Posted on: 20-03-2017 in Holborn Assets
So have you got “The Big Dilemma” or “The Big Problem”?
For most people, there are two giant practical issues with Long Term Care:
This overview is intended to help you get some background before you dive in and start looking at the nitty-gritty of how you are going to tackle these issues and actually make Long Term Care happen for a relative or yourself.
No surprises there! Few people actively look forward to going into residential care when they get older. But more and more of us nowadays are reaching the high ages when care of some sort is a necessity.
Between 2015 and 2030, the number of 85 year olds in the UK is going to have risen by a whopping 75% – from 1.6m to 2.8m. (ADASS, 2017)
So care homes are going to be increasingly important. And for those of us who do reach elite old age, there’s the big question of whether to stay at home and receive care or go into a care home. And if you go into a care home, the even bigger question is – where’s the money going to come from?
Care is expensive. You’re looking at around £30k a year minimum for full-time residential nursing care and as much as £50k a year in an expensive UK county.
There are ways of leveraging your existing assets to fund care. But the best way to manage long term care planning is to start saving right now.
Care home costs in the UK vary from £500 to £1500 a week – and it all depends on where in the country you are.
A week of residential nursing care would set you back an average of £920 in the South East of England but just two-thirds of that (£631) in the North East. That’s the difference between roughly £48k and £33k a year.
You can get help with fees if your assets are less than £23,250 (England, Wales & Northern Ireland) or £26,250 (Scotland).
Key ways you can raise funds for care using your existing assets include:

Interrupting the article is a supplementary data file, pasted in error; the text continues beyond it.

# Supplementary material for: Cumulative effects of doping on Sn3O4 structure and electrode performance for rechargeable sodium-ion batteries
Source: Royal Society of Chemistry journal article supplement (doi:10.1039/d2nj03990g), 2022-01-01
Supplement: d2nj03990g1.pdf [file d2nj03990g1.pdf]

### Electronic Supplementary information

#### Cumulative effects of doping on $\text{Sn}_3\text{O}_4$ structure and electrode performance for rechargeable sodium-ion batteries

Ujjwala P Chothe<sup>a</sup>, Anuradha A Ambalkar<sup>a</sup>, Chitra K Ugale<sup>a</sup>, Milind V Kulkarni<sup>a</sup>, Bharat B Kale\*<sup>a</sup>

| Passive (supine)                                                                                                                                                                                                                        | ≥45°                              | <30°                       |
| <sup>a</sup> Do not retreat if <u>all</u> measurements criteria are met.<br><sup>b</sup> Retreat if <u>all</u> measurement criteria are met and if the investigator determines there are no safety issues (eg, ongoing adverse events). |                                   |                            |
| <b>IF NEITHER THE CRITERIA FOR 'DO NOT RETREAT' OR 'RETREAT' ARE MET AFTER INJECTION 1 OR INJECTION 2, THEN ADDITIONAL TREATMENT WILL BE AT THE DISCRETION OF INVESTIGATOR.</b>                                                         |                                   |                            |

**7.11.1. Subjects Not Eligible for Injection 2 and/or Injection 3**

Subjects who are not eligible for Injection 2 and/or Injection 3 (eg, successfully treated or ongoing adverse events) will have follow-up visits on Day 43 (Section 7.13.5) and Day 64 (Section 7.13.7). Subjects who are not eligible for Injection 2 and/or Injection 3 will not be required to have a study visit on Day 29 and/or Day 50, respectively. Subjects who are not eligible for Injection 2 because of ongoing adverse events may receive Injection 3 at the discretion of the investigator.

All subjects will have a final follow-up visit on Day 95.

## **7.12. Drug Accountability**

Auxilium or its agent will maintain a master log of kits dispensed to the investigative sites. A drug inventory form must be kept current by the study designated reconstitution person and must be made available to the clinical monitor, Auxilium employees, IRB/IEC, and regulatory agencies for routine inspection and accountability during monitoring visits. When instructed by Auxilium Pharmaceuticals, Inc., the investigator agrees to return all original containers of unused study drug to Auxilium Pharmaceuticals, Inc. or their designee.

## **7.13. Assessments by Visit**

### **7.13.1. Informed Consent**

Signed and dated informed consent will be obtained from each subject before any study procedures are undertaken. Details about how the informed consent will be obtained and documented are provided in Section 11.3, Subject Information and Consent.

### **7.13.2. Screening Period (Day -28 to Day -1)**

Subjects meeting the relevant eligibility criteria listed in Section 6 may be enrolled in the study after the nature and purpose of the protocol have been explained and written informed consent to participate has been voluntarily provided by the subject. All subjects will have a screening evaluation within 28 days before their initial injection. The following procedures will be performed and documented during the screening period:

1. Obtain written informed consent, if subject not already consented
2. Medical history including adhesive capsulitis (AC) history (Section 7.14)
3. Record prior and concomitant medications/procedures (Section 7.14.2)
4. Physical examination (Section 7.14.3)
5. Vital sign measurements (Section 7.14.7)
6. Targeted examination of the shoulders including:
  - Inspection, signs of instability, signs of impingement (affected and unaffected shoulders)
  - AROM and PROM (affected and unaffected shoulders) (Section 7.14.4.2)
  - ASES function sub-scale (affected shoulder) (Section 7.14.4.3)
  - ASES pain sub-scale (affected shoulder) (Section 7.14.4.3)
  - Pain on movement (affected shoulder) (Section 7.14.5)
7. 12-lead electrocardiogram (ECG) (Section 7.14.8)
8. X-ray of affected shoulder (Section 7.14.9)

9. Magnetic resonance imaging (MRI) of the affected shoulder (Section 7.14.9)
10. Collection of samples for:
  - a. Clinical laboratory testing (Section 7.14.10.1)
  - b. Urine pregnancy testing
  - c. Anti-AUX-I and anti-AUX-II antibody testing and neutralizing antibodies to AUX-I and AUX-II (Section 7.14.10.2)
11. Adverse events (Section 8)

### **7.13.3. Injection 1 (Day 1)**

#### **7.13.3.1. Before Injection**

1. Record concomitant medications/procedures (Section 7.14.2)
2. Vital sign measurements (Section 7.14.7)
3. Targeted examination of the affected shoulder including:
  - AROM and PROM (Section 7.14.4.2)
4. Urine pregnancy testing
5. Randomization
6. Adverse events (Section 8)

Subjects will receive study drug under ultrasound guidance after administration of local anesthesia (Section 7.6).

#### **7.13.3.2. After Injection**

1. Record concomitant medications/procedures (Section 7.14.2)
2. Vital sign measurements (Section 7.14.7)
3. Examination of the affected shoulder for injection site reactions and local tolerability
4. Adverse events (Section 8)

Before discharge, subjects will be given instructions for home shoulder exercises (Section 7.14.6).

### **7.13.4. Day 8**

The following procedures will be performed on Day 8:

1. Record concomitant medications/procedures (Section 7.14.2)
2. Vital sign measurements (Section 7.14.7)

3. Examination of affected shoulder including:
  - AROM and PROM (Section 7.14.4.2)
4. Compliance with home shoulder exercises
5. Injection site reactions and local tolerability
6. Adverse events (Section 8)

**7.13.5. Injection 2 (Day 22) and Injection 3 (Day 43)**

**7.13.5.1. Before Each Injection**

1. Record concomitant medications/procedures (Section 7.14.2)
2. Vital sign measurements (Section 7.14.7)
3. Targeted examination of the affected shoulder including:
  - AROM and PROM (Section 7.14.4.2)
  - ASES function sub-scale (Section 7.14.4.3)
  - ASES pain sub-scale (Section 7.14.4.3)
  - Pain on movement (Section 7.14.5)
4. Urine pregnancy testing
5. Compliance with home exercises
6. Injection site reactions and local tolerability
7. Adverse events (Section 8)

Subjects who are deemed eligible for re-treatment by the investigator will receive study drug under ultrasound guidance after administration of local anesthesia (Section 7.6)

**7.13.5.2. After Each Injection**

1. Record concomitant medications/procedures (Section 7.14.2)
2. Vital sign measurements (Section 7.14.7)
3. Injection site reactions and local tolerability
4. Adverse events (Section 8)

With these powerful financial instruments you will need professional advice. No ifs or buts – both your care funding AND your home will be at stake, so you need to get it right.
Occupancy: 433,000 people living in residential care
Beds available: 487,000 beds available
Current occupancy rate: 5 year high of 90%
Occupancy change: “capacity loss from closures has for the first time exceeded, by 3,000 beds, capacity gain from new openings”
Average weekly residential fee: £563
Average weekly nursing fee: £756
Market value: £15.9bn (up £.08bn on 2014)
For-profit providers: £12.1bn
Not-for-profit providers: £2.2bn
Local Authority: £1.6bn
Who gets the beds?
Private pay residents: 41%
Local Authority top ups &
‘Pure’ state supported resident: 49%
NHS funded residents: 10%
(LaingBuisson, Care of Older People, 2016; 2015 figures)
In December 2016 the Competition and Markets Authority announced “a market study into care homes for the elderly, to review how well the market works and whether people are treated fairly.”
The CMA stated that they “… would particularly like to hear from care home residents and their relatives who have encountered issues such as unexplained or ‘hidden’ charges, unexpected fee increases, confusing requests for ‘top-up’ payments, or occasions when they feel that complaints have not been handled fairly.”
CMA Acting Chief Executive Andrea Coscelli said that, “the market study will also evaluate the effectiveness of competition between care homes in driving quality and value for money for residents and taxpayers. It will also consider how local authorities and other public bodies purchase and assign care home places, and how they encourage and shape local supply.”